Memorial Day was Monday, a time to remember those who died protecting this country, or the countries of others. Maybe the reasons behind the battles weren’t philosophically what you support, but the deaths were very real and the courage of the soldiers true. Two bloggers have written recently about the USS Stark, shot by an Iraqi jet fighter in 1987, supposedly by accident; 37 soldiers died. Go read the names on Tony Adragna’s site; then go read what they became as a result of that attack, on Doubting Thomas’s site. An excerpt:

In late May, we (my boss, and four other assistants) were ordered to go to Frankfurt to work on identifying and piecing together the casualties from the USS Stark, a Navy frigate that had been attacked by an Iraqi fighter jet. Two Exocet missiles were fired at the ship, and we were told anywhere from 30-50 sailors were killed…

Some genius colonel or general decided, while we worked, to let us watch the Naval memorial service for the Stark that was showing on AFN. Here we were, putting these poor bastards back together, trying to figure out what arm belonged to what trunk, and so forth, and there, right before our eyes, were their grieving families. I am standing in two feet of blood and guts, fried body fat, and all the fingers, feet, eyeballs, and decapitated corpses I wish NEVER to see again, and all of a sudden I see on the screen the family of the boy whose decapitated head I am, right at that moment, holding in my hands…

This dead kid was probably asleep in his rack, dreaming of getting laid or going home on leave, when the missiles struck. Now his head is in my hands, and there's his Mom and Dad, who will never get to see him alive, or (thank God) like this, with no body, just a head, and an expression that still haunts me.

That is what war produces. As we consider escalation, let’s be clear about our goals, deal harshly with those who’s behavior jeopardizes our soldiers, and do whatever we can to make sure as few as possible of our precious fellow Americans end up on a military morgue floor - or in Fresh Kills landfill on Staten Island - being pieced together by weeping compatriots.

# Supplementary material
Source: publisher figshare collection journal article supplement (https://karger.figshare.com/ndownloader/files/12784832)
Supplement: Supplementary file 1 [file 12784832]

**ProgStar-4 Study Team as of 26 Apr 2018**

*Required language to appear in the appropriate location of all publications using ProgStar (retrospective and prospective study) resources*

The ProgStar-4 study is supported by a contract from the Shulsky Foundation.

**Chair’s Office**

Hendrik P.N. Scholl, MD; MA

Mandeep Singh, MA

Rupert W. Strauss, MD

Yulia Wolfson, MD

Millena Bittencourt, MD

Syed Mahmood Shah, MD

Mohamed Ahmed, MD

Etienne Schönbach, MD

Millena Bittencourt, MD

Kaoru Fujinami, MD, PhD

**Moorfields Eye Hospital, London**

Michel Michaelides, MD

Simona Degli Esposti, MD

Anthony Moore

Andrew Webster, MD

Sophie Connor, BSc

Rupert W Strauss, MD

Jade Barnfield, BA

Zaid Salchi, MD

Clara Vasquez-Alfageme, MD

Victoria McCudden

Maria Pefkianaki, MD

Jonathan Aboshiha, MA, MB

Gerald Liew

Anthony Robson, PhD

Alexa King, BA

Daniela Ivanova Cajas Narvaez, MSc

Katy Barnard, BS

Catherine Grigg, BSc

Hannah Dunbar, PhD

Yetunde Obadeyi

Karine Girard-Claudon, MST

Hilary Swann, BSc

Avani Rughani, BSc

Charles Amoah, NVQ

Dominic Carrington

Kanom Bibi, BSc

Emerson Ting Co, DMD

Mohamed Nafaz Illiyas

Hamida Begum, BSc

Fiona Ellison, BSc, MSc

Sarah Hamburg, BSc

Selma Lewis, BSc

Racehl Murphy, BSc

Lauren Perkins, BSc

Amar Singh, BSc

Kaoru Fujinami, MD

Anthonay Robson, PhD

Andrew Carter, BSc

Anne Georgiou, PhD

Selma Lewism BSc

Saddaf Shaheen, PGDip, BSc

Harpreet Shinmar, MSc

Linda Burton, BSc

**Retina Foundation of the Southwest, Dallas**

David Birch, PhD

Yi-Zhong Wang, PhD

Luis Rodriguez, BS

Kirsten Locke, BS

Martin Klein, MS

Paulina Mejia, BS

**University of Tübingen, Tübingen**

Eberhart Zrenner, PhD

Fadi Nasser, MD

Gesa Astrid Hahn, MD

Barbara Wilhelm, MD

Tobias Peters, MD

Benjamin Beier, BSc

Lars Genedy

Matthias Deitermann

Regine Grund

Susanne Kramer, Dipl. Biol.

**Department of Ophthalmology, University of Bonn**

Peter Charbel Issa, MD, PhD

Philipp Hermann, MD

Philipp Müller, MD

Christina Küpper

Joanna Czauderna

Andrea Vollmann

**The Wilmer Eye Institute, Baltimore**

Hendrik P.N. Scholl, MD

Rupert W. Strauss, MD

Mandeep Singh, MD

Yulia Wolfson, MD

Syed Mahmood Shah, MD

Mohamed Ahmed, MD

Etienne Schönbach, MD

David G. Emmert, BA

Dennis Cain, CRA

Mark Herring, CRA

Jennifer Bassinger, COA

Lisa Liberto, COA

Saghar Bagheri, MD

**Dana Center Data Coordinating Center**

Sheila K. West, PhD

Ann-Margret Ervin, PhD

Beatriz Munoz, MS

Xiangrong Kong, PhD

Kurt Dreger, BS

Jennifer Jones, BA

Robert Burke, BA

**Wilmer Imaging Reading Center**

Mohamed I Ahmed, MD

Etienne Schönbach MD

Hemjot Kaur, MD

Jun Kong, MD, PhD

WANT TO SEE THE DANGERS in anti-hate-speech laws? Go see War Now! While we discuss the rise in anti-Semitism, don't forget the importance of free expression of dissenting views. The problem is not dissension, but threats, intimidation or actual physical harm. Any time you support some type of protectionist law (whether it be speech or behavior or commercial activity), you have to understand the logical extensions of that law, and make sure that the cure isn't worse than the disease. Often abusive behavior with a racist tinge can be addressed with standing laws like terroristic threatening or assault, without instituting protections that can be used to quash honest disagreement.

AN 11 YEAR OLD GIRL HAD A BABY in Connecticut this week, according to the radio news (I haven't found it online yet). The 75-year-old father of the baby says the girl seduced him when she was 10.

So what do you think should happen to the baby's father?

DON'T SMOKE: Archipelago has a plea from a friend who just lost her father to emphysema/lung cancer.

My grandfather rolled his own smokes - Prince Albert in a can - until he got cancer of the larnyx and doctors removed his voicebox. Since smoking would suffocate him because of the permanent hole in his throat from the operation, he switched to chewing tobacco until he died of cancer and emphysema in his mid 60s. He was not my favorite person, but it was an ugly way to die.

I don't smoke, and I don't drink, but I do think sometimes that my current aversion to exercise and predilection for chocolate are comparably unhealthy. Something to think about.

A DISSENTING VOICE: Not everyone particularly cares for the Blog Burst about the SFSU incident and its corollaries:

I am concerned about this so-called Blog Burst. Though bloggers are not Journalists and may express their opinion at will, what do you call a formalized process to gather like minds together, resulting in multiple voices united in expressions of anger, paranoia, and hate?

...The concept of Blog Burst disturbs me. The results of this event disturbs me.

Shelley of Burning Bird blog sounds disturbed, don't you think? I personally think the group that attacked the Hillel students were multiple voices united in expressions of anger, paranoia, and hate. But to each her own.

She also lists quotes from various blogs participating, including mine. I disagree with her, naturally, but as per usual I'm offering you the opportunity to check out her objections yourself, especially since her complaint includes problems with my accusations of "moral equivalency" while she engages in it herself:

In the interests of equal representation I'm also linking to an IndyMedia posted comment representing the General Union of Palestinian Students viewpoint. Note, though, that IndyMedia is not known for being an unbiased publication.

Bb aka Shelley aka Weblog Bosswoman, honey, the problem is not that both sides are presented. The problem is that in the interests of "equal representation", unresearched, unsupported, unquestioned allegations are quoted as equal to proveable harm. Linking around to "he said she said" posts without context, when one side is clearly wrong, does not make you morally superior. It makes you an equivocator.